Sartiano is offering an alternative to overheated nightclubs with velvet ropes. He knows that a great dining experience matters to the top-tier crowd he’s trying to attract in 2021.
“I think they have different demands than what they’ll find at the places that don’t put enough of an emphasis on the food,” Sartiano says. “Food is so important for people when they socialize. I wanted to offer not just good food, but also multiple options, so people aren’t getting the same cheeseburger every time.”
At Zero Bond, executive chef Richard Farnabe (who earned two Michelin stars running the kitchen at Terrance Brennan’s Picholine and also cooked at Mercer Kitchen, Daniel and scene-dining pioneer Lotus) is running spaces including a grill room where members can enjoy Dover sole, tomahawk steaks and spaghetti with caviar. Members can also eat pasta, pizza, sushi, salads, charcuterie, burgers and much more in the club’s lounge areas. A Baccarat-designed libations room allows members to build a night around whiskey and wine. And lockers are available for those storing their own rare vintages on site. Coffee is the high-end Colombia Elgar Ramirez Natural from Felix Roasting Co., which has an ultra-stylish coffee shop nearby in SoHo.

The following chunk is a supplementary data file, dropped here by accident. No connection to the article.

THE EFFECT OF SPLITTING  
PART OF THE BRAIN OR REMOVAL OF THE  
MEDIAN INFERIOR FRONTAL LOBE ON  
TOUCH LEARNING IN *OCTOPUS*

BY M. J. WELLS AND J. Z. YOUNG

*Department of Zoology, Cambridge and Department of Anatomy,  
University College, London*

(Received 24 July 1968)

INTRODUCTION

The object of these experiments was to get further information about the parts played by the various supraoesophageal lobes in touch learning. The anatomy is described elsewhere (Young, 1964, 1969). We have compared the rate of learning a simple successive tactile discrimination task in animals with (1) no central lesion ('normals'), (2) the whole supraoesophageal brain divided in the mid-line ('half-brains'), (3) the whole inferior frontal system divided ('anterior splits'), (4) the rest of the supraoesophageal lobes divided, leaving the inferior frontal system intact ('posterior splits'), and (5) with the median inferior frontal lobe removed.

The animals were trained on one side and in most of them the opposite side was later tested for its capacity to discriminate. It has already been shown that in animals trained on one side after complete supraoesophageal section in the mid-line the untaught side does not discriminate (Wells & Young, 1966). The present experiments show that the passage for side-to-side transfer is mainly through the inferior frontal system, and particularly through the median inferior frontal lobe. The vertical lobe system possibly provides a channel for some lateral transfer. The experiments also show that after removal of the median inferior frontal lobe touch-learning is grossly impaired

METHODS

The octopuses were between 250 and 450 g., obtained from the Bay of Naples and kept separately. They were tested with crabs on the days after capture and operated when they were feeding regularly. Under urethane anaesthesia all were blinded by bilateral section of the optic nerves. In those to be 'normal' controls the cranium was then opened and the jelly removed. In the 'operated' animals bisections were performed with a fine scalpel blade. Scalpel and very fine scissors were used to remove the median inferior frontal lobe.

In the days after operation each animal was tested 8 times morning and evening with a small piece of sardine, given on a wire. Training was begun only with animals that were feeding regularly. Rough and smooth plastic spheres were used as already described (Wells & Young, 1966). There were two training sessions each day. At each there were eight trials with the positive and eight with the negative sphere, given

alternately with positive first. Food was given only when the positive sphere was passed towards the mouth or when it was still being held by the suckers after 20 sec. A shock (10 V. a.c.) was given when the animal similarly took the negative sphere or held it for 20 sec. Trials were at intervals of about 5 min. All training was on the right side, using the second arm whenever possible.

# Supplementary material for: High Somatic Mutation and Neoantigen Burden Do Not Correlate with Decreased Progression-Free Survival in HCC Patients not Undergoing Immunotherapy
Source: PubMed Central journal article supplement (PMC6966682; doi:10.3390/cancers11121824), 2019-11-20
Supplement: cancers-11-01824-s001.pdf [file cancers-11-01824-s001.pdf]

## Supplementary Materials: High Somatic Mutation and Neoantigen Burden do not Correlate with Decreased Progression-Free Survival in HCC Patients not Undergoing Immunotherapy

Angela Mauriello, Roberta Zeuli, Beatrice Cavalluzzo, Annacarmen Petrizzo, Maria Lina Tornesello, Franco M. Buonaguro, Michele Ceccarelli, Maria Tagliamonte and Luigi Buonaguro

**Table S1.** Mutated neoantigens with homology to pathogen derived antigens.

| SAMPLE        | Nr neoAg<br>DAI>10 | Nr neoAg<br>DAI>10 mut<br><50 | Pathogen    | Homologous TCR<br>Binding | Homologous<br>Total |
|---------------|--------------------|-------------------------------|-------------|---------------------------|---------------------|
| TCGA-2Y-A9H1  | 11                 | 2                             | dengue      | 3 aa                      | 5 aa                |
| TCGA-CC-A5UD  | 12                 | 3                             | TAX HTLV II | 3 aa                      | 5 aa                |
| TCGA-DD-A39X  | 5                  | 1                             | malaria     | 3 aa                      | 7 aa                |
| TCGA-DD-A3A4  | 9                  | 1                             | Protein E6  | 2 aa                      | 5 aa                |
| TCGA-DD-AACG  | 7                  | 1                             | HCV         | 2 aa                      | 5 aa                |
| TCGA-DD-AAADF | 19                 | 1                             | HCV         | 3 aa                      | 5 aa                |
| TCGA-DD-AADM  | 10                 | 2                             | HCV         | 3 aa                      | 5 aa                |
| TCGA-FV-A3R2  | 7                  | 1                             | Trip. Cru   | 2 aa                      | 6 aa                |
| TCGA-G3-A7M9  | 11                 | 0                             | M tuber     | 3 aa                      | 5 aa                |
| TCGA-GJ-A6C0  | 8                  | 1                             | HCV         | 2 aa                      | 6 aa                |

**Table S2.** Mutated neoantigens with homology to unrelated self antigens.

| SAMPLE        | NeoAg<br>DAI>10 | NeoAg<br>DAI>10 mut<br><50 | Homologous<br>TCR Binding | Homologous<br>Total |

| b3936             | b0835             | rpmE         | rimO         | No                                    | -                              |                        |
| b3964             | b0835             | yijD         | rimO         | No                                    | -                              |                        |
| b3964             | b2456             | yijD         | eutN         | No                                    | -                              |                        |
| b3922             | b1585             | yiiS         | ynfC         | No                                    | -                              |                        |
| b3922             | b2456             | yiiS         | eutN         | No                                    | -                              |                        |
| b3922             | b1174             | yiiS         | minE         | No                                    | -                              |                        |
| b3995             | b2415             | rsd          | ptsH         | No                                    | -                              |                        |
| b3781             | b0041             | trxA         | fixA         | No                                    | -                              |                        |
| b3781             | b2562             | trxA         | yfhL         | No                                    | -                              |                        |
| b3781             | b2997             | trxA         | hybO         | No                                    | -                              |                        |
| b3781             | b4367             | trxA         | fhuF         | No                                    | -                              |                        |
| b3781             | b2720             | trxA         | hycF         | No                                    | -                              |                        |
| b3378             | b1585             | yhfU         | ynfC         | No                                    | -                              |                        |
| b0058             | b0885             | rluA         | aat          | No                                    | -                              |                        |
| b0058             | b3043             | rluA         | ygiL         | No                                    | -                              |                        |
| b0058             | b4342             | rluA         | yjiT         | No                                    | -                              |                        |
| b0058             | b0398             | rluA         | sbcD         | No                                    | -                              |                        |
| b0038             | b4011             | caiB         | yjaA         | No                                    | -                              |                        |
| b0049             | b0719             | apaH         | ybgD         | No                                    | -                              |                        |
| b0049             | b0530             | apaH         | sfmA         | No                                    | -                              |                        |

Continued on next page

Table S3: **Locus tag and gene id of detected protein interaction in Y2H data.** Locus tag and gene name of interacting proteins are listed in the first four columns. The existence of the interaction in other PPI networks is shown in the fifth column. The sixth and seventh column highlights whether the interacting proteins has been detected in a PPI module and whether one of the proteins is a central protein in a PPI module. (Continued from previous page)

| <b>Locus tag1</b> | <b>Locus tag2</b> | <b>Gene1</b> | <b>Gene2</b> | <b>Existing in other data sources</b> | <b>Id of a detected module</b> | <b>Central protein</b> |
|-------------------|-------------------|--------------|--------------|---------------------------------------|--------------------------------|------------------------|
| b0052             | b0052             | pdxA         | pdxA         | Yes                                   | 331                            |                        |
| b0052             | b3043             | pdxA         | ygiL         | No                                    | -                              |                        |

All these amenities are about encouraging members to return again and again, a goal Sartiano also hopes to achieve by keeping the prices quite reasonable. A one-year membership at Zero Bond ranges from around $2,500 to $4,000, with an initiation fee of $500 to $1,000. And menu items like a $13 margherita pizza, $24 amberjack sashimi and the nicely spicy $26 rock shrimp fra diavolo we enjoyed on a recent visit are priced comparably to what you’ll find at many popular New York restaurants.
“It’s not just about a money grab,” explains Sartiano, who says Zero Bond has a waiting list of more than 5,000 potential members. “I didn’t want to create a place that was just for rich people to spend a lot of money.”
Zero Bond includes an omakase room, helmed by executive sushi chef Ry Nitzkowski (who previously worked at New York’s excellent Shuko), with tasting menus that range from $145 to $245, not including truffle, caviar or wagyu supplements—a fraction of similar restaurants in the city. That doesn’t mean he’s cutting corners on the experience; his discerning crowd would know if he did.